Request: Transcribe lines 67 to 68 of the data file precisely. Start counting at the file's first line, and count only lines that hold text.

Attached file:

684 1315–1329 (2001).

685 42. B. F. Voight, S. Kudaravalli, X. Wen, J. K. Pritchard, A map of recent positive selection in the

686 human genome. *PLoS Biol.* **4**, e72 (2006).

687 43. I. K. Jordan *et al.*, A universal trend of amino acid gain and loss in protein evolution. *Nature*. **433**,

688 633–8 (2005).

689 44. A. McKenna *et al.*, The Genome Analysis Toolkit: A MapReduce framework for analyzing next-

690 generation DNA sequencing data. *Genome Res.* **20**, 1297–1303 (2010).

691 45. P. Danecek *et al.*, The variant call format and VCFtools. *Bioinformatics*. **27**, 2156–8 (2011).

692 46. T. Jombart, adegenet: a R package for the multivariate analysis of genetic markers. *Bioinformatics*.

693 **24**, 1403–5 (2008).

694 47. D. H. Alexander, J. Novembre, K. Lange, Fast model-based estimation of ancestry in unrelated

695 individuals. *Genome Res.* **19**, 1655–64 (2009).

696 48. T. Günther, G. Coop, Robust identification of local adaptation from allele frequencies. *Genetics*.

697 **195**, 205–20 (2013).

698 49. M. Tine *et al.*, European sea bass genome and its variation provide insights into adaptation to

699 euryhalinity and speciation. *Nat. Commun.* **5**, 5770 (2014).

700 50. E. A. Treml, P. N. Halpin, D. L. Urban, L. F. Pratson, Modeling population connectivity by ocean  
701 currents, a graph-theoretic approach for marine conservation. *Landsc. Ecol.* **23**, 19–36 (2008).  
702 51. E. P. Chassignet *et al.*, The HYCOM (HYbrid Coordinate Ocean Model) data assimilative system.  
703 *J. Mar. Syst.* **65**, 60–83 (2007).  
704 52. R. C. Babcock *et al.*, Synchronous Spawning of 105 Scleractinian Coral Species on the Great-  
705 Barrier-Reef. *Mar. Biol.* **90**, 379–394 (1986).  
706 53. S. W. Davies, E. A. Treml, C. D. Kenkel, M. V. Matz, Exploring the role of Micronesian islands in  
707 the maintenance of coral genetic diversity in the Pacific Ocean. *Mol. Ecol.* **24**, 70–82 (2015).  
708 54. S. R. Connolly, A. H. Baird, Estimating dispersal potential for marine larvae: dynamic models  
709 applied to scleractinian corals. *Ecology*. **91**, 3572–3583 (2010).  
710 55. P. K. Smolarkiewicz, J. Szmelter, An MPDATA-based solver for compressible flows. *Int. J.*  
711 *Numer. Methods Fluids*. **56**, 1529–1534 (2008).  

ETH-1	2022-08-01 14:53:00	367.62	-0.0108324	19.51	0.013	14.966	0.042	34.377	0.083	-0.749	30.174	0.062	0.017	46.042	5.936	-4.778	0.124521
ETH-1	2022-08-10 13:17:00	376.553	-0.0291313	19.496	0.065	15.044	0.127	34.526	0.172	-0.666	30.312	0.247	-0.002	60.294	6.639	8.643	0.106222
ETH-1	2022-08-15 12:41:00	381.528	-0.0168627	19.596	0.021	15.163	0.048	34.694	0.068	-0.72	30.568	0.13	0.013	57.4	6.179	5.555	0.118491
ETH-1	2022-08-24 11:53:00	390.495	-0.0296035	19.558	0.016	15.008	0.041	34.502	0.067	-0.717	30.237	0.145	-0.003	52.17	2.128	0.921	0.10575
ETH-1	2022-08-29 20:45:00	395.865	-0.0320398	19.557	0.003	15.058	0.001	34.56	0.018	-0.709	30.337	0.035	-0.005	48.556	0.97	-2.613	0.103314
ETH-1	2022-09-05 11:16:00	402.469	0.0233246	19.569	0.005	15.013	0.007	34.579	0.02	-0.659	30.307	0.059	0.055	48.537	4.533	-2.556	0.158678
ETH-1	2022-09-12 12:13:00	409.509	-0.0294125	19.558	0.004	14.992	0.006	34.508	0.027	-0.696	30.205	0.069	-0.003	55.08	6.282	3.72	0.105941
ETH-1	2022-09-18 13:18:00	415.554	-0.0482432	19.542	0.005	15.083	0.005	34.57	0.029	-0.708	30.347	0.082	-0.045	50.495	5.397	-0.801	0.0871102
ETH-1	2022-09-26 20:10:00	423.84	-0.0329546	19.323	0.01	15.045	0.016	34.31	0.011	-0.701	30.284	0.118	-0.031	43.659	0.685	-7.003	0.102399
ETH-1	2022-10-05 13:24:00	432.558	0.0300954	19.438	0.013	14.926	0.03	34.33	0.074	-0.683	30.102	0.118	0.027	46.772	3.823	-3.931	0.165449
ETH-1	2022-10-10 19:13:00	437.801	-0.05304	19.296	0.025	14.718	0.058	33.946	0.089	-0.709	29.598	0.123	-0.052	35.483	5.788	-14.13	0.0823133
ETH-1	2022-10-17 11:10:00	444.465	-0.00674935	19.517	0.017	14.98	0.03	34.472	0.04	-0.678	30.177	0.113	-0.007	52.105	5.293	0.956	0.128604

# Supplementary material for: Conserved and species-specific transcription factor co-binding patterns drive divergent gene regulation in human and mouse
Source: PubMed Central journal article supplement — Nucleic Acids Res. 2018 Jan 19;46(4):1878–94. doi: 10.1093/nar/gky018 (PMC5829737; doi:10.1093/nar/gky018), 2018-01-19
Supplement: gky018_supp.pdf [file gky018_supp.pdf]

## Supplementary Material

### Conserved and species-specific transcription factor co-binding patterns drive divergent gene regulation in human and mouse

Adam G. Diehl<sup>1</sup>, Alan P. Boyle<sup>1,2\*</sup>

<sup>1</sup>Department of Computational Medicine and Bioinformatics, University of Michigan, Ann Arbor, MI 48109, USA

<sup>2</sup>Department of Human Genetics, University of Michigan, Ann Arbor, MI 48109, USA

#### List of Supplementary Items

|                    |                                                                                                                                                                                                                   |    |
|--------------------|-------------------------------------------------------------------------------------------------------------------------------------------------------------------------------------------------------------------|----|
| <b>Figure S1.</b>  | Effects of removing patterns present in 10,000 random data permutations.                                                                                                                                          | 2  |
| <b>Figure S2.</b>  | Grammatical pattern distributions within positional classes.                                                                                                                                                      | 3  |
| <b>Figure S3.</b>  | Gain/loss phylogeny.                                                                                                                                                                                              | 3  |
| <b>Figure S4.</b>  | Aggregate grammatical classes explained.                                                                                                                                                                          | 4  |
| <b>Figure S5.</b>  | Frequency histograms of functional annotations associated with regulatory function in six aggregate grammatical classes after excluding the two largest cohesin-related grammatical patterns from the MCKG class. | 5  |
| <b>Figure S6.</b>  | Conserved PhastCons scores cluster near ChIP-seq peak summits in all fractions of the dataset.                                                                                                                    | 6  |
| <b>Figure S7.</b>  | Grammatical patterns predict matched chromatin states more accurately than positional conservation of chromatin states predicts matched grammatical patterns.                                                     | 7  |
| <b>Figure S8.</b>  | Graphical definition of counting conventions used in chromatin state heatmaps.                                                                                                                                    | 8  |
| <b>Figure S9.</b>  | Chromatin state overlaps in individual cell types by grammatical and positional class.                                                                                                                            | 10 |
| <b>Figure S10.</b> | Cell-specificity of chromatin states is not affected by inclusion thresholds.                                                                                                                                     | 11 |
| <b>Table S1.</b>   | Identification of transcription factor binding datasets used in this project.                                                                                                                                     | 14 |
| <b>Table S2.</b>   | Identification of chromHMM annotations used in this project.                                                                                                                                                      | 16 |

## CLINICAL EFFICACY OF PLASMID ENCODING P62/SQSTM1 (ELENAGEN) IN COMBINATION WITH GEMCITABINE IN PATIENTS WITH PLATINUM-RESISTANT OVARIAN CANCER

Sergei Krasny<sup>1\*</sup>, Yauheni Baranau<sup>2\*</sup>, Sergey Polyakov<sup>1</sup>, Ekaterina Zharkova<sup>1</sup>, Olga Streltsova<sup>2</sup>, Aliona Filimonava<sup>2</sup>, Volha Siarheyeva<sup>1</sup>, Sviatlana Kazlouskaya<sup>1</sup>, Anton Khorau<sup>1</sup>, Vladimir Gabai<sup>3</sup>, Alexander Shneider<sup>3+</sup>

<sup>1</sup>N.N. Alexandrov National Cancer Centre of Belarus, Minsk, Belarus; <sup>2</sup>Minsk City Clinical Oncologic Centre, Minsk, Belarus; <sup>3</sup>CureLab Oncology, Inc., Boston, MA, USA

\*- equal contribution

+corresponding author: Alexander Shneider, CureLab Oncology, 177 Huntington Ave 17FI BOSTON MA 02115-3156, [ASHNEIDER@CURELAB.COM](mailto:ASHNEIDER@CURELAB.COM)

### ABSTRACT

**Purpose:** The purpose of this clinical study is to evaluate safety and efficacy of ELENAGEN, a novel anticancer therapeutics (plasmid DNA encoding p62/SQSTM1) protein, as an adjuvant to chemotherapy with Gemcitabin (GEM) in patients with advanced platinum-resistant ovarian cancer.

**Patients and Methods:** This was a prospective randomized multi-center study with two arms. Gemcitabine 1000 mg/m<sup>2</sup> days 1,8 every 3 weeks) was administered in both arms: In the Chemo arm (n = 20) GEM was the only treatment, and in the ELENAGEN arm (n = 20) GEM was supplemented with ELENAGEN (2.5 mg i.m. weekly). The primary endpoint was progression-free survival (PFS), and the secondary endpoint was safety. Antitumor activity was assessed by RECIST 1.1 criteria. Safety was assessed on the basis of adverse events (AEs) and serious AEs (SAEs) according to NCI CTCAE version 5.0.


\*- equal contribution

+corresponding author: Alexander Shneider, CureLab Oncology, 177 Huntington Ave 17FI BOSTON MA 02115-3156, [ASHNEIDER@CURELAB.COM](mailto:ASHNEIDER@CURELAB.COM)